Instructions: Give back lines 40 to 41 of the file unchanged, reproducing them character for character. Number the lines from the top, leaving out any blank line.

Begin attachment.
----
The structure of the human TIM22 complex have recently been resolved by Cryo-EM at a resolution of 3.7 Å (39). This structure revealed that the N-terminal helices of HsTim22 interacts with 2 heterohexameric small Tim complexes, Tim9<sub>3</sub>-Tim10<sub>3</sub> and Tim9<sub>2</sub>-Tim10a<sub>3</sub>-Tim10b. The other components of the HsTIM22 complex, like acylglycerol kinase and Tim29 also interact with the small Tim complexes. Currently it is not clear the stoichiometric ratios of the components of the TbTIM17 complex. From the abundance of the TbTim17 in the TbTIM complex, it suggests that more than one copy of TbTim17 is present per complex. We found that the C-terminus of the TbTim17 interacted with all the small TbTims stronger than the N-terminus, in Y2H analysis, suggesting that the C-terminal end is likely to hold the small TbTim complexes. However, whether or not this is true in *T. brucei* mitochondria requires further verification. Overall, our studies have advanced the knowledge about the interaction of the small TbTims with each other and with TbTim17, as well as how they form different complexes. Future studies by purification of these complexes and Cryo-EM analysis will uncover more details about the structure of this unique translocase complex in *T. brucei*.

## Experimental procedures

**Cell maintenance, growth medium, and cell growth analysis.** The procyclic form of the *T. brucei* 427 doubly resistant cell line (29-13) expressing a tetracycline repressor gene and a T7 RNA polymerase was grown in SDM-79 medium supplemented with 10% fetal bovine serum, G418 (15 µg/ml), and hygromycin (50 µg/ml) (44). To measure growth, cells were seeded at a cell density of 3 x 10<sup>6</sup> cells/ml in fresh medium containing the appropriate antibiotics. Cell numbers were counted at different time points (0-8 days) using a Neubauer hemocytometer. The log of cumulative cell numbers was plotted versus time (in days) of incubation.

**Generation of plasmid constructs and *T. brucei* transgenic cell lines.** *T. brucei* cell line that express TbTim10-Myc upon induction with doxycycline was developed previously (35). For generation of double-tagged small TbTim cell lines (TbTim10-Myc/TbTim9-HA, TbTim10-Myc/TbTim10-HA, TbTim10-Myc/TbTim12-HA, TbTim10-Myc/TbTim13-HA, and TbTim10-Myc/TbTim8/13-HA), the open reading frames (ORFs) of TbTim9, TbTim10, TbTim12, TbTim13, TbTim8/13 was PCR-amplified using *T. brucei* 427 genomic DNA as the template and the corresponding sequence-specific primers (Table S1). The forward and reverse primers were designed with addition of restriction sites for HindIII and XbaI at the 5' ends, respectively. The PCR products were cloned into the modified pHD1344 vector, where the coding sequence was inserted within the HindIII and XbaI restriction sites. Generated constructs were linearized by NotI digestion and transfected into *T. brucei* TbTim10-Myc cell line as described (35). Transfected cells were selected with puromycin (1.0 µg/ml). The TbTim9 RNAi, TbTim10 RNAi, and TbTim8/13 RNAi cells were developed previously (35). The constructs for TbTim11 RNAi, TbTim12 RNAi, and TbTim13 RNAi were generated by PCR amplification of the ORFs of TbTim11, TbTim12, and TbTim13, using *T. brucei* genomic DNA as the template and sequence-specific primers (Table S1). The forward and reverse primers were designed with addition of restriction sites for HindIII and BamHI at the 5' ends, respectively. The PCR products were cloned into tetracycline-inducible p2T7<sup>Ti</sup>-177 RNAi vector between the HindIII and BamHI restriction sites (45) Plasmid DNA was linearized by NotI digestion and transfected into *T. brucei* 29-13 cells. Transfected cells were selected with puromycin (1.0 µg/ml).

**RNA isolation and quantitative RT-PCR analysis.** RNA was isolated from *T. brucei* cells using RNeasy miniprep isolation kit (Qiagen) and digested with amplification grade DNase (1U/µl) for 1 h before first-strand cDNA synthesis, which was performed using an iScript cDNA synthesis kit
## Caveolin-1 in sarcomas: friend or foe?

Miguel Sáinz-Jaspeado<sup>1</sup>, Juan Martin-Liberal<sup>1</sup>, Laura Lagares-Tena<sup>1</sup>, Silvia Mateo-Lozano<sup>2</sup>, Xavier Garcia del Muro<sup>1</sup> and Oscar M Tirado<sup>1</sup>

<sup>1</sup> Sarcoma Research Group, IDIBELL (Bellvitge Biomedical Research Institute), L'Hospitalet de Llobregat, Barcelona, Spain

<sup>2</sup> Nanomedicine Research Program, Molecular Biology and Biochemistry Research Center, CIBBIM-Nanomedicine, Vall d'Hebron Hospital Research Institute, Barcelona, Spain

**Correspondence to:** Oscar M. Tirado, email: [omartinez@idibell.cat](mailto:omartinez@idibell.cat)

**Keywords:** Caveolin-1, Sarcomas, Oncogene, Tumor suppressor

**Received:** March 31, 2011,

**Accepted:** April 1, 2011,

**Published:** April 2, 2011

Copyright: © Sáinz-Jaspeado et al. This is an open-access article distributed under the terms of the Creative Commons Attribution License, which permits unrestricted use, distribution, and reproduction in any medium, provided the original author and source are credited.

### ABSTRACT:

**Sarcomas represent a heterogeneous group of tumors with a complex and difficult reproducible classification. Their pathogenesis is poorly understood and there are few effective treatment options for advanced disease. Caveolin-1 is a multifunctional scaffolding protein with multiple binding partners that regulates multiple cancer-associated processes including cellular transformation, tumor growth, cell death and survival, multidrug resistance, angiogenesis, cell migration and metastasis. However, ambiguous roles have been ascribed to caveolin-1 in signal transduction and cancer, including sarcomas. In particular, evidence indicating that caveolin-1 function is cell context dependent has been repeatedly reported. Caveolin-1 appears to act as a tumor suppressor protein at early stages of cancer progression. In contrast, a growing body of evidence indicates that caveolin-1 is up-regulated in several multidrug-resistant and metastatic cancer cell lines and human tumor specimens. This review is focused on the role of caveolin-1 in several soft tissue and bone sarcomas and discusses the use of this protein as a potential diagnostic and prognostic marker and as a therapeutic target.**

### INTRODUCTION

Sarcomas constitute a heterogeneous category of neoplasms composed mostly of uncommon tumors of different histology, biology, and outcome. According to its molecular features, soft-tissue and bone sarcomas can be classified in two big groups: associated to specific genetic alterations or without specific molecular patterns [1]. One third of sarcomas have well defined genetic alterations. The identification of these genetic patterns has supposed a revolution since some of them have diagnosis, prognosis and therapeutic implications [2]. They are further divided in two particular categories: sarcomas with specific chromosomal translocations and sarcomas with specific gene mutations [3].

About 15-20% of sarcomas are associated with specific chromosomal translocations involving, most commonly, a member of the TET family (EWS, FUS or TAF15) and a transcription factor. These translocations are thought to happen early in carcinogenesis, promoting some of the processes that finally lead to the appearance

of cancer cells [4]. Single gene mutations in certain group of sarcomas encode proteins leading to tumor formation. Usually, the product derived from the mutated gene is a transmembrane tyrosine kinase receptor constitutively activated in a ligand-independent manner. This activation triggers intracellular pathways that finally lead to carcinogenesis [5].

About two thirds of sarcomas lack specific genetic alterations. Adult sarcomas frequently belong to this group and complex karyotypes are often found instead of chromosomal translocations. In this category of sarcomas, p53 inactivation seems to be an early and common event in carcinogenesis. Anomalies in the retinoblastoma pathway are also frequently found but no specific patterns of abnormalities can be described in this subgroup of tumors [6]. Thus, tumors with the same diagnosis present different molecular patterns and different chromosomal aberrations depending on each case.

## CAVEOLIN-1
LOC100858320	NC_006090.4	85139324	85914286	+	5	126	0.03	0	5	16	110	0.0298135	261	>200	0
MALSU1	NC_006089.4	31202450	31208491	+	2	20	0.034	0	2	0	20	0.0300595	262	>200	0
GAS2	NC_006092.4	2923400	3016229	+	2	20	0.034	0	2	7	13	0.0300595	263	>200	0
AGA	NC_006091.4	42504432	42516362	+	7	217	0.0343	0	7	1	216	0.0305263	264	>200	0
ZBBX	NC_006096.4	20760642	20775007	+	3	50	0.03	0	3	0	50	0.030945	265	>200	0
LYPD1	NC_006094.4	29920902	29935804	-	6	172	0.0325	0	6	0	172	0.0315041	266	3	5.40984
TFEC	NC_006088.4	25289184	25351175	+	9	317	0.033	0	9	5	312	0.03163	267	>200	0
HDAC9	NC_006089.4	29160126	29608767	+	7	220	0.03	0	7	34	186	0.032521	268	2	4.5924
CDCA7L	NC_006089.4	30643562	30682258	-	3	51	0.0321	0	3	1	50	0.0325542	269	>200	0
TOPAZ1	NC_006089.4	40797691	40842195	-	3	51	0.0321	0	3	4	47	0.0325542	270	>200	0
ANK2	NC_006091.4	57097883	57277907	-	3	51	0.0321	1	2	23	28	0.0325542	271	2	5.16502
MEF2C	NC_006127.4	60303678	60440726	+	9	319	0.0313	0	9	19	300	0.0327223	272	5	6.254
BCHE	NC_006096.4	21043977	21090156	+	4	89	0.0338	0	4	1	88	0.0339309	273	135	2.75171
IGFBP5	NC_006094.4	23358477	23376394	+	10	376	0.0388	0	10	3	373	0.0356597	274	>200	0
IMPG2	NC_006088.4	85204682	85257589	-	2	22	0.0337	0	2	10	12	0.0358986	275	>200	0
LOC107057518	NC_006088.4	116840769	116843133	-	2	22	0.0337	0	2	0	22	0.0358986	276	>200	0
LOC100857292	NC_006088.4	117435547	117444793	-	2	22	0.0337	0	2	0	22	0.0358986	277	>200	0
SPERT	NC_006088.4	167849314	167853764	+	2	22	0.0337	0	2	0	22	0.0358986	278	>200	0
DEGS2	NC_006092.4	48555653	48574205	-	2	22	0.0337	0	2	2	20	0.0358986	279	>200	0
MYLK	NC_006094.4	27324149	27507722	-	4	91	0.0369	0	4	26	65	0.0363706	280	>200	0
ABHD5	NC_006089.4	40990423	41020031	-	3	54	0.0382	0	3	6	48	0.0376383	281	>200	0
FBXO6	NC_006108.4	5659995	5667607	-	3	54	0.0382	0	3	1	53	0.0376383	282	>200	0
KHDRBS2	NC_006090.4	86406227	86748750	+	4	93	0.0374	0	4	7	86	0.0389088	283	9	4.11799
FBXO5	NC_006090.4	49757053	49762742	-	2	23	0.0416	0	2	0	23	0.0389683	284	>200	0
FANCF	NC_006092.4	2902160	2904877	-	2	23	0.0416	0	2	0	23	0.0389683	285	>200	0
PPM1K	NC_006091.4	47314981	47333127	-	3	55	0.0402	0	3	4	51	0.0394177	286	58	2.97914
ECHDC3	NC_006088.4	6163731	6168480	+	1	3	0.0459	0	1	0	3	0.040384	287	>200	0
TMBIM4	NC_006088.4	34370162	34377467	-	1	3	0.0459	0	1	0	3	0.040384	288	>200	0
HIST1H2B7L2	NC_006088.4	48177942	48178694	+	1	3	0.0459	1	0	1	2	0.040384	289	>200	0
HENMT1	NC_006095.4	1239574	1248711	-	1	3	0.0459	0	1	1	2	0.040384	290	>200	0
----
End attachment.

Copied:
LOC100857292	NC_006088.4	117435547	117444793	-	2	22	0.0337	0	2	0	22	0.0358986	277	>200	0
SPERT	NC_006088.4	167849314	167853764	+	2	22	0.0337	0	2	0	22	0.0358986	278	>200	0